In fact, they want you to copy them – either because your investment makes their investment more valuable, or simply out of the goodness of their heart. Warren Buffet famously shares his trades with the public so they can borrow and benefit from his wisdom.
So why spend 14 hours a day researching good trades when you can just copy someone else’s homework – especially when they ask you to?
Rich people can afford to make extremely risky investments and lose money that you and I can’t afford. For that reason, they shouldn’t always be followed into battle.
Warren Buffet is also famous for admitting when he’s made a mistake. In 2014, he confessed that he’d held onto shares of Tesco for way too long, costing him and his investors $444 million. Berkshire Hathaway’s investors may have been able to shrug off the loss, but any outsiders emulating Buffet’s moves may have been screwed.
Copying the investments of rich people may be a viable strategy if their investments fit within your financial goals and risk tolerance. For help determining whether that’s the case, you want to talk to a wealth advisor.
7. “You don’t need a wealth advisor”
Thanks to zero-commission trading platforms, you no longer need to buy and trade stocks through a sweaty stockbroker in some Manhattan office.
By that same logic, the emergence of robo-advisors and the fountains of free financial advice on TikTok have eliminated the need for old-fashioned wealth advisors. After all, why give someone 2% of your hard-earned gains when it’s never been easier to invest your money yourself?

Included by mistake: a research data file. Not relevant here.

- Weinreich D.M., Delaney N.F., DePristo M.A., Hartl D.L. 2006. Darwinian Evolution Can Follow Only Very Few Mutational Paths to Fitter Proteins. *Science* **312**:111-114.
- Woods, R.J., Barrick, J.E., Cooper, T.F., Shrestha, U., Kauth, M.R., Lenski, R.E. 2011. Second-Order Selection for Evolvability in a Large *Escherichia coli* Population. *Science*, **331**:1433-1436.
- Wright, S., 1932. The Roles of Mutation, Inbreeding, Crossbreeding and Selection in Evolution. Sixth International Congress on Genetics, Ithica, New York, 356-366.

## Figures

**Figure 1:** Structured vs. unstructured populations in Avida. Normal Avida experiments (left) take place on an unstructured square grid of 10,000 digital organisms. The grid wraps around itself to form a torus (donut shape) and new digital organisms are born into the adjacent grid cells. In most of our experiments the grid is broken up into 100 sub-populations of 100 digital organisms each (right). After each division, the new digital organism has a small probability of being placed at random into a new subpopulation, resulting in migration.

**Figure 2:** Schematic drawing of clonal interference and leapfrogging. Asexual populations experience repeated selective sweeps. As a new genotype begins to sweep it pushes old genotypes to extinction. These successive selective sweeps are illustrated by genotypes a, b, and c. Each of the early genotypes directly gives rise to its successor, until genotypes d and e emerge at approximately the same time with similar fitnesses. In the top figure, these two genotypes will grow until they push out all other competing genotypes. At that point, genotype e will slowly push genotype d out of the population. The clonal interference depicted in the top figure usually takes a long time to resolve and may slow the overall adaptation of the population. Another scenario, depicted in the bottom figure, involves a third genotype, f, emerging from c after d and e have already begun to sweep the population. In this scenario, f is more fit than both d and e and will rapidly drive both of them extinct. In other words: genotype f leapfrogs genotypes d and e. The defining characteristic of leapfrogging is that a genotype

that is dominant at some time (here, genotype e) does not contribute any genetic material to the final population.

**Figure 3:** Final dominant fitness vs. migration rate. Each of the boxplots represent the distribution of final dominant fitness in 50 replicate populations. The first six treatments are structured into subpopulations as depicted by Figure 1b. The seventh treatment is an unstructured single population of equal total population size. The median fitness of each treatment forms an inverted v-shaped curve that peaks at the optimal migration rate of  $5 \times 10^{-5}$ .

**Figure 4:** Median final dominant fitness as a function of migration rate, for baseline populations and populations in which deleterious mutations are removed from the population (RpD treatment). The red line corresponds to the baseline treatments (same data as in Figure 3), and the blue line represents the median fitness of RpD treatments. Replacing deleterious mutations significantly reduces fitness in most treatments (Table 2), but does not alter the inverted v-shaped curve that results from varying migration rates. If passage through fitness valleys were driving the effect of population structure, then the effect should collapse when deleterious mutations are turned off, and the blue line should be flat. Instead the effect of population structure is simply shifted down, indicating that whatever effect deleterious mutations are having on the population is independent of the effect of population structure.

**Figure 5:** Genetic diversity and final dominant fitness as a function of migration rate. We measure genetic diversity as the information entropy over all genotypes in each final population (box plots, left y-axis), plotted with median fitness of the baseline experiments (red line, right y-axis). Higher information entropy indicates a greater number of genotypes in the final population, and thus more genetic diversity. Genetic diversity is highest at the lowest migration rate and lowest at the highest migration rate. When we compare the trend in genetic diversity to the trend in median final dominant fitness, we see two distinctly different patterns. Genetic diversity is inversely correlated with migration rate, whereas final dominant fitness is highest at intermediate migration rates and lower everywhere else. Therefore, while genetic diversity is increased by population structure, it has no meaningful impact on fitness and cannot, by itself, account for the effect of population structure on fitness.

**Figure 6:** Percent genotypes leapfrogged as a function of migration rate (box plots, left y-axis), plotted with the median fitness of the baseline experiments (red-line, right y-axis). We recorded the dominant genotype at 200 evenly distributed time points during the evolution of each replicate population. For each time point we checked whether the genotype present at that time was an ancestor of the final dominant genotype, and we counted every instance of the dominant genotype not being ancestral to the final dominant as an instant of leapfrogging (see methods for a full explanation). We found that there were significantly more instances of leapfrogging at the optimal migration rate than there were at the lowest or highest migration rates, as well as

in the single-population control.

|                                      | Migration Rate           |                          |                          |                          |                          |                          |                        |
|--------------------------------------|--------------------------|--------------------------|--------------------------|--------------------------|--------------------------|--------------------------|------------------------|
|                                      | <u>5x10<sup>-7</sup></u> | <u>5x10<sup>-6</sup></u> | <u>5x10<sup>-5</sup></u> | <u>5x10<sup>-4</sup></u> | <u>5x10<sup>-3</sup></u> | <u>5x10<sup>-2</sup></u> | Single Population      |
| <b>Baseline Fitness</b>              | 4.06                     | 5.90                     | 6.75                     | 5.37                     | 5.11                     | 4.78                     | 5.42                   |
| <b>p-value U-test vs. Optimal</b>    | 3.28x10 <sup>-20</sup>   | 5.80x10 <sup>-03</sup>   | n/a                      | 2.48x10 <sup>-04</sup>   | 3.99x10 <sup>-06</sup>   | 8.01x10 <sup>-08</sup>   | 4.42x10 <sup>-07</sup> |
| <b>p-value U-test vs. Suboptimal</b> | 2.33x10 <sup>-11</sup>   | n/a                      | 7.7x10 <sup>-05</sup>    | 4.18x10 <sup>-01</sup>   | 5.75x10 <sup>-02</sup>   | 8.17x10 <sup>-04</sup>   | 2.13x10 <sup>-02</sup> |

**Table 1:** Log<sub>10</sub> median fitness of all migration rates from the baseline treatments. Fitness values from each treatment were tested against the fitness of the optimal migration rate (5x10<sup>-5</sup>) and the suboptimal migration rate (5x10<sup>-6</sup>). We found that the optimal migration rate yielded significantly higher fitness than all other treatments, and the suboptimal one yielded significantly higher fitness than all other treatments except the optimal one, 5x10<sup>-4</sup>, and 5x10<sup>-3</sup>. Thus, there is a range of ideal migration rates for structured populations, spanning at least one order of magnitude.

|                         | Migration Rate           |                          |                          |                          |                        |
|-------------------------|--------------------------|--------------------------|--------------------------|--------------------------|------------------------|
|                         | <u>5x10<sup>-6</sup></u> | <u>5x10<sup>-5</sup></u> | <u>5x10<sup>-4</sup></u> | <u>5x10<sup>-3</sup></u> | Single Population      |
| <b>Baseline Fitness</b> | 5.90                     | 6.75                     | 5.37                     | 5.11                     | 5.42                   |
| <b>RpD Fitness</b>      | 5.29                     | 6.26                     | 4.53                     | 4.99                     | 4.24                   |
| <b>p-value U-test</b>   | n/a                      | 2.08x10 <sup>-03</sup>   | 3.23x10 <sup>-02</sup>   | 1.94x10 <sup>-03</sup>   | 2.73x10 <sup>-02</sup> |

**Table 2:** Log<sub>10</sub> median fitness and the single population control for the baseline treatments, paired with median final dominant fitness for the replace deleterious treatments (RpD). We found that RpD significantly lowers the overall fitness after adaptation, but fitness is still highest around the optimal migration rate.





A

The recent trifecta of online brokers, robo-advisors, and personal finance gurus on social media has done wonders empowering Millennials and Zoomers to handle our money better. The TikTok DIYers certainly have one thing right: it’s never been easier to make your own trades.
However, despite birthing a renaissance in financial literacy, nothing on TikTok can replace the tailored, one-on-one advice you’d get from a professional wealth advisor.
Robo-advisors can personalize your investing strategy to an extent, but they can’t play a direct role in helping you navigate the markets and make good decisions.
There’s plenty of sound personal finance advice on TikTok, but it only takes one bad tip to cost you money.
For that reason, it literally pays to separate the wheat from the chaff. Not everyone who’s made money is a skilled investor – some are just lucky.
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43k salary is a solid hourly wage when you think about it.
When you get your first job and you are making just above minimum wage making over $43,000 a year seems like it would provide amazing opportunities for you. Right?
The median household income is $68,703 in 2019 and increased by 6.8% from the previous year (source). Think of it as a bell curve with $68K at the top; the median means half of the population makes less than that and half makes more money.